The National Tertiary Education Union seized on the release to describe the Group of Eight, in a wonderful mixed metaphor, as behaving “like rats deserting a sinking ship [and] depriving Minister Pyne of his greatest cheerleaders”.

“Pyne now has no option but to dump his incoherent and desperate attempts to push on with his unprincipled, unfair and unsustainable higher education policies,” declared union President Jeannie Rea. “It is time that university leaders and the minister accept that the senate’s refusal to pass the government’s higher education policy is because it is not supported by the majority of Australian voters.”

Rea said neither Pyne nor the vice-chancellors had convinced the public that fee deregulation would benefit Australia, given that it would leave some students paying A$100,000 (US$76,300) for a degree.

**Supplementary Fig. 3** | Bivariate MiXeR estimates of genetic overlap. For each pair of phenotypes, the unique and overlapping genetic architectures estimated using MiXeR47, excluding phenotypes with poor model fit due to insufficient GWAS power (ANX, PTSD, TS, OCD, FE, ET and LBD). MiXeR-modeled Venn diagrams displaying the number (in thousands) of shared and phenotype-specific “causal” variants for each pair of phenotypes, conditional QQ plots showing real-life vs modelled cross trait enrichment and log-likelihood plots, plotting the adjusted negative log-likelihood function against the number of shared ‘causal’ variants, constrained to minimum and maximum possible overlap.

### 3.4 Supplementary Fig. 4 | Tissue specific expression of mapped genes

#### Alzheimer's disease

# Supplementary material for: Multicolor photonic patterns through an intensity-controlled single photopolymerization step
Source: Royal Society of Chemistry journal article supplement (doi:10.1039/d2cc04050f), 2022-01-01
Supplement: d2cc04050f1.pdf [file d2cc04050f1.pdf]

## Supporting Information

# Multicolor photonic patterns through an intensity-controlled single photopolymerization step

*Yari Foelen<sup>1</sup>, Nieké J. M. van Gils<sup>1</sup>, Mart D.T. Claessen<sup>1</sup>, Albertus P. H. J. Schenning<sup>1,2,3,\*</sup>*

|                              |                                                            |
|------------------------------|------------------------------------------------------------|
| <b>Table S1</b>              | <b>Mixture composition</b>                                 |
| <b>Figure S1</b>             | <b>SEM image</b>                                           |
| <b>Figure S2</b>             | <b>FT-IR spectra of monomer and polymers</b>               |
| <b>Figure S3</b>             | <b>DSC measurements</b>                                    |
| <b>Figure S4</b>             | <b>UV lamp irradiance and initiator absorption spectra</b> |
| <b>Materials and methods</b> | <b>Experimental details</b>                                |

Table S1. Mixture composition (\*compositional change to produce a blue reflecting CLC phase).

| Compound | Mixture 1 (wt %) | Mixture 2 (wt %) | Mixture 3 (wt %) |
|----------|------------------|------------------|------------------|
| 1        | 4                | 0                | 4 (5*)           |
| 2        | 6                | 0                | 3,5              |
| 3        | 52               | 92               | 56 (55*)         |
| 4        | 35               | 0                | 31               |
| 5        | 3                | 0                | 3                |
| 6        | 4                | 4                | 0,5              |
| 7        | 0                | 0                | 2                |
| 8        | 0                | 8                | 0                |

“As the chaos and uncertainty brought upon [the] vocational education and training system through open market competition and subsidising for-profit private providers has proven, making deregulation the centre of any tertiary education policy is inconsistent with having a sustainable funding framework,” she said.

Call for review

In its call for a "depoliticised" review, the Go8 says this could include the Business Council of Australia, the Australian Chamber of Commerce and Industry and the Minerals Council of Australia, together with the learned academies.

“Such a review would also consider the full scope of university funding, including research funding. High quality research is vital for our nation’s future economic prosperity and the Group of Eight universities receive almost 75% of all competitive grant funding for research,” the release says.

The review should consider the nation’s willingness to invest in research in ways that enabled it to be undertaken without the current level of cross-subsidisation by teaching fees, it says. A review of this type had the potential to illustrate for the public and politicians in a much clearer way the issues currently facing the sector.

But neither the Labor Party Opposition nor Pyne have backed the review proposal. Pyne said 33 reviews into Australian higher education had been undertaken since 1950 and he could see no reason to hold another.